Honeywell to design quantum RF and microwave receiver technology for wideband precise sensors

July 26, 2021
Quantum receiving elements will use excited Rydberg atomic states with programmable sensitivity over a large range of frequencies and amplitudes.

ARLINGTON, Va. – U.S. military researchers needed a company to develop a small lightweight wideband radio frequency (RF) receiver with far higher sensitivity than technologies available to day using quantum sensor as the receiving element. They found their solution from Honeywell Aerospace in Phoenix.

Officials of the U.S. Defense Advanced Research Projects Agency (DARPA) in Arlington, Va., announced a $5.5 million contract to Honeywell on Thursday for the Quantum Apertures project.

Quantum sensing uses properties of quantum mechanics, such as quantum entanglement, quantum interference, and quantum state squeezing that have optimized for precision and beat current limits in sensor technology and evade the Heisenberg uncertainty principle.

Honeywell will help develop an RF and microwave receiver that is portable, programmable over a very large frequency range, and more sensitive than what classical systems can achieve at similar sizes and temperatures.

Related: ColdQuanta eyes quantum applications in electronic warfare (EW), sensors, and anti-submarine warfare (ASW)

The quantum-based receiving elements will use excited Rydberg atomic states which have programmable sensitivity over a large range of frequencies and amplitudes.

Ultimately, the receiver system will be composed of a phase-sensitive array, lasers to program the sensor and read out radio signals, and processing electronics.

Honeywell researchers will develop enabling technologies to enable future researchers to capitalize on the receiver’s enhanced capabilities to develop waveforms while also being compatible with constraints imposed by real-world defense applications.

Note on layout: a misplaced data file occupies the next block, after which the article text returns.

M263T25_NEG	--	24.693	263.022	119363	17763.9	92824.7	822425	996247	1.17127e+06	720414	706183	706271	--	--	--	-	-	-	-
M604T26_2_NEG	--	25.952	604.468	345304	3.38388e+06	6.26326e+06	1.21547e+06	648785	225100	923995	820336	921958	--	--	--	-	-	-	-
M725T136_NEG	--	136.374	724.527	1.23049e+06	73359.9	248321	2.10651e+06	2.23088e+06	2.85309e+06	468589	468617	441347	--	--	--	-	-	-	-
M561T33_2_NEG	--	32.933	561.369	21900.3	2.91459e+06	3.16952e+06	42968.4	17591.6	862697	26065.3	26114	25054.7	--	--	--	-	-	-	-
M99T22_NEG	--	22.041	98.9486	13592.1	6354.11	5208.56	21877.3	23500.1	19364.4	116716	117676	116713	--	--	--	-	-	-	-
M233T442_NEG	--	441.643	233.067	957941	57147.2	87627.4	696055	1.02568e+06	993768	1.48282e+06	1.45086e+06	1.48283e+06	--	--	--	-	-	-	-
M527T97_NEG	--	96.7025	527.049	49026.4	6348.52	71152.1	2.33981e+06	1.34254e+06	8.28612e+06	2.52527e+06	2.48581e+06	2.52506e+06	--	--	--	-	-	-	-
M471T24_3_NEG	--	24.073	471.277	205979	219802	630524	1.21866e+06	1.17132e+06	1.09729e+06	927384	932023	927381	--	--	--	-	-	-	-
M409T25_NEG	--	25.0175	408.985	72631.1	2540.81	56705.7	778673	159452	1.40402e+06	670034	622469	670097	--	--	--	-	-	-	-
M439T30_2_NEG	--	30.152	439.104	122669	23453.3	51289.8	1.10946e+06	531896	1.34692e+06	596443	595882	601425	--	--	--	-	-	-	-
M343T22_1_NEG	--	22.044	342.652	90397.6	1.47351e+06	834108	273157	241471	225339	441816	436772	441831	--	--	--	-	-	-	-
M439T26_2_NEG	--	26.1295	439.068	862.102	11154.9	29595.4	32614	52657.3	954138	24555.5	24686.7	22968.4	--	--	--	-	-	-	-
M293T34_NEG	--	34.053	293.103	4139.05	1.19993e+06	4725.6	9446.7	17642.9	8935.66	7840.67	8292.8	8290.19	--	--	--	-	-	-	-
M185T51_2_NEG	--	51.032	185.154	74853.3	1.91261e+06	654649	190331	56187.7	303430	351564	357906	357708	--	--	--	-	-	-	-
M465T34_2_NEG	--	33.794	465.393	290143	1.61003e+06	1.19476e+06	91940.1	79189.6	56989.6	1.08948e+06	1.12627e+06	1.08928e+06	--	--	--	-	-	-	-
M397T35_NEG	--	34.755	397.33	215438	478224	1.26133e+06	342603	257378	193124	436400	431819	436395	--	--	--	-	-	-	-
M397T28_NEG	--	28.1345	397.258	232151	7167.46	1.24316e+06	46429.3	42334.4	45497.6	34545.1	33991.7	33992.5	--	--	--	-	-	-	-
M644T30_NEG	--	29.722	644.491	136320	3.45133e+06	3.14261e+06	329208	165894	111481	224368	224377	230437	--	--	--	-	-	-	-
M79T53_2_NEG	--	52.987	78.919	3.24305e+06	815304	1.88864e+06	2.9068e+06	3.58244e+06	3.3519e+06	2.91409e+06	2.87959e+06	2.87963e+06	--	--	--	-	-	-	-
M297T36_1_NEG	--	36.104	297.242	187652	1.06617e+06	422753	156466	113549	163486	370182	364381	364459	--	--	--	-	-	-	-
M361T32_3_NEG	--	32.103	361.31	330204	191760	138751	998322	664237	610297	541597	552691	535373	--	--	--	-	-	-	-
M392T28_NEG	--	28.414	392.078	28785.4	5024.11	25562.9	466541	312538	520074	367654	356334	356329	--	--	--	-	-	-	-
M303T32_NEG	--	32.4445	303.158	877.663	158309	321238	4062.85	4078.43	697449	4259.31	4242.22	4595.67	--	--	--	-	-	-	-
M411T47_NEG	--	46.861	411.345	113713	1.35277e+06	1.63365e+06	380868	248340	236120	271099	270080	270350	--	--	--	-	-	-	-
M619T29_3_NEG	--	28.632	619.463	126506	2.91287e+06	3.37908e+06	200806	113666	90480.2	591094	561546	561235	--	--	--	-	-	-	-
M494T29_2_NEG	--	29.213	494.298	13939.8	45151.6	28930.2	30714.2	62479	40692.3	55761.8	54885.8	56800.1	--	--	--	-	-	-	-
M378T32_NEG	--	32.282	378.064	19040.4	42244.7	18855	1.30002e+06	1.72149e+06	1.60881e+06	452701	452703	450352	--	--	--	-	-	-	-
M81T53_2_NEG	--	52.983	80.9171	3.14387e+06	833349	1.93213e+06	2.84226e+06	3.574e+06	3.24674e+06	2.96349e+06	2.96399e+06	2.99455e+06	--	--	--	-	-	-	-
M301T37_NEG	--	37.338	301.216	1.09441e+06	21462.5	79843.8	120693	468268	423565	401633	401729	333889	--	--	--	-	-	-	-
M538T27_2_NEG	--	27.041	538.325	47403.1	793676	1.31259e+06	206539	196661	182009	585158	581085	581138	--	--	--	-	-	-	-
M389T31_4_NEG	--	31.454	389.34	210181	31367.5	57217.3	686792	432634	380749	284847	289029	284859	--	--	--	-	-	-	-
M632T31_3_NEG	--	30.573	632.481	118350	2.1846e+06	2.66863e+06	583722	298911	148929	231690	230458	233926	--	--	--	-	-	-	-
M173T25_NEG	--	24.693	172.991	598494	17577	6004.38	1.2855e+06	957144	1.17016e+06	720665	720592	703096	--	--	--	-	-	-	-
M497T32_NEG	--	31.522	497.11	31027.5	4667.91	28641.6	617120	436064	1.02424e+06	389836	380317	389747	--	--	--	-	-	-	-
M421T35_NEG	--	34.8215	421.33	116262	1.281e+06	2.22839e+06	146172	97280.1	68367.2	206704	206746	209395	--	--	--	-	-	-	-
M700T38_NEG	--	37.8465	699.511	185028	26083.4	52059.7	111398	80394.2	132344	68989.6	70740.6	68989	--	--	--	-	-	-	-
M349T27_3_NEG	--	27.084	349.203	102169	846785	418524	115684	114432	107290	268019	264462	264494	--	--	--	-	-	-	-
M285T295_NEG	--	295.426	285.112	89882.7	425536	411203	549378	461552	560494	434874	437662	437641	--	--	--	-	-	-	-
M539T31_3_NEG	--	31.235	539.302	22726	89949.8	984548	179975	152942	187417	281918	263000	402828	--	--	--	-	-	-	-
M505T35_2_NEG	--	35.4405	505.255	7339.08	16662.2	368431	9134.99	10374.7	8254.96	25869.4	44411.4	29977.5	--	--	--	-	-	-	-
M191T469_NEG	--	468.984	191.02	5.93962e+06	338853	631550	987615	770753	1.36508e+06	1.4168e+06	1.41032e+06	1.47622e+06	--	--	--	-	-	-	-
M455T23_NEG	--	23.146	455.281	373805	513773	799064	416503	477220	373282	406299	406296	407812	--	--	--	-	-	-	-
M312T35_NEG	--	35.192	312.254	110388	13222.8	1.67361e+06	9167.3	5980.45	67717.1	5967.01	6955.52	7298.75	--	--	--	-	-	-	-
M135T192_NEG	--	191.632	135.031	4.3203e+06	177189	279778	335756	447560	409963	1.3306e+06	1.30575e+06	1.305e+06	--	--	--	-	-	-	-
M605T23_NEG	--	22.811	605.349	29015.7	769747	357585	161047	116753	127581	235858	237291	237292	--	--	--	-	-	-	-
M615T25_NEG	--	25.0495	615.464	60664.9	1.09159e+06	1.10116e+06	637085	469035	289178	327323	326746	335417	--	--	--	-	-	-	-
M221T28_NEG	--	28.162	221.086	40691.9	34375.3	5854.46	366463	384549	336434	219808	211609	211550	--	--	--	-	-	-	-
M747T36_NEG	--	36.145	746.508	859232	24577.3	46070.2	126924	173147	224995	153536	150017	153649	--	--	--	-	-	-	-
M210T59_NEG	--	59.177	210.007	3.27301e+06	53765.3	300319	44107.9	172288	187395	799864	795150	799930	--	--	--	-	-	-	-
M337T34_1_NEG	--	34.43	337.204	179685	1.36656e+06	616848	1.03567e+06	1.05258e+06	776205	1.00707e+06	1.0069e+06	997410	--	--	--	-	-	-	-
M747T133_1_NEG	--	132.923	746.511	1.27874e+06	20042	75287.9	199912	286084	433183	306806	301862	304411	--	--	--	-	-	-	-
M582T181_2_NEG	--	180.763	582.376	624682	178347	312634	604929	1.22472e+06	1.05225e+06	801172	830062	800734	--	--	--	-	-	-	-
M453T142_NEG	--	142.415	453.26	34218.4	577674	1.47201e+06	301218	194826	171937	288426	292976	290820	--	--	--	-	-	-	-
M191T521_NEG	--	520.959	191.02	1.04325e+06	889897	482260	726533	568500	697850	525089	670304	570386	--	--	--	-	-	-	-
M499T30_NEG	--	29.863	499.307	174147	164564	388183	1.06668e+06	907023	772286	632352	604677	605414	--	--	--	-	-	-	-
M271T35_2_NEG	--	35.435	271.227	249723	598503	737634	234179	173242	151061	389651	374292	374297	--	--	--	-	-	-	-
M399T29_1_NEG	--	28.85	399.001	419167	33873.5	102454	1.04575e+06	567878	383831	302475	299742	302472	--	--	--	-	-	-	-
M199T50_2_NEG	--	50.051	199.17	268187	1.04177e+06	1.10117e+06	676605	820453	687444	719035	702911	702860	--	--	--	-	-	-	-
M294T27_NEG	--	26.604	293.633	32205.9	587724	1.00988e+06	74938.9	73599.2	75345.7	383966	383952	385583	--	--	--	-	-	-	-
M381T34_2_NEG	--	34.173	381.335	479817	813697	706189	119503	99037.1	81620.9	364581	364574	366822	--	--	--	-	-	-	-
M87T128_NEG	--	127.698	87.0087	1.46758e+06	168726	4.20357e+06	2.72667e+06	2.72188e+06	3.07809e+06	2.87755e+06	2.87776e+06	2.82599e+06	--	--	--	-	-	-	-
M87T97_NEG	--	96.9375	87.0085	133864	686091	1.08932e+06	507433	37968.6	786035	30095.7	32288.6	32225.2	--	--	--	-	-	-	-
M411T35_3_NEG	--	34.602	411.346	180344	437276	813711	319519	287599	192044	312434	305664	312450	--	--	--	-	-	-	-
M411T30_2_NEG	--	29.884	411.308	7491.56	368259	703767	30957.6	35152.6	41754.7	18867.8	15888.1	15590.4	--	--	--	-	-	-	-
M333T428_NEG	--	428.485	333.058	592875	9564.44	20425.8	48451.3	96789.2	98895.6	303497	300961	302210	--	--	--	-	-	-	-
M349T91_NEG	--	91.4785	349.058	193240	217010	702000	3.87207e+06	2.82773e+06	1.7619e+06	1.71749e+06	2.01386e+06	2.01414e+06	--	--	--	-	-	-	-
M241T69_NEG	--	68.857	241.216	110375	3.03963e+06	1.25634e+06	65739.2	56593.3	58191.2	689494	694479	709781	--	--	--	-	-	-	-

The Quantum Apertures program has two technical areas: one that focuses on the receiver system and its application for military needs; and a focus on the sensor element itself.

Related: Wanted: enabling technologies in atomic vapors for electric field sensing in electronic warfare (EW)

The project will develop Rydberg sensor sensitivity in the 10 MHz to 40 GHz range with sensitivity below 10 to 16 Watts per square meter per Hertz (W·m-2·Hz-1) using a cubic centimeter sensor element. The project also will develop systems and waveforms that use these Rydberg sensors in other military research applications.

The goals are to improve sensor sensitivity in a small sensor; develop a continuous, fast, and broad frequency tuning capability; and develop individually addressable element arrays for detecting signal angle of arrival and channel parallelization for enhanced sensitivity or instantaneous bandwidth.

The project also seeks to expand compatibility to multi-frequency, spread spectrum, and other complex waveforms, including new waveforms that use the capabilities of Rydberg receivers; and to build quantum aperture receivers for future defense applications.

For more information contact Honeywell Aerospace online at, or DARPA at

About the Author

John Keller | Editor-in-Chief

John Keller is the Editor-in-Chief, Military & Aerospace Electronics Magazine--provides extensive coverage and analysis of enabling electronics and optoelectronic technologies in military, space and commercial aviation applications. John has been a member of the Military & Aerospace Electronics staff since 1989 and chief editor since 1995.

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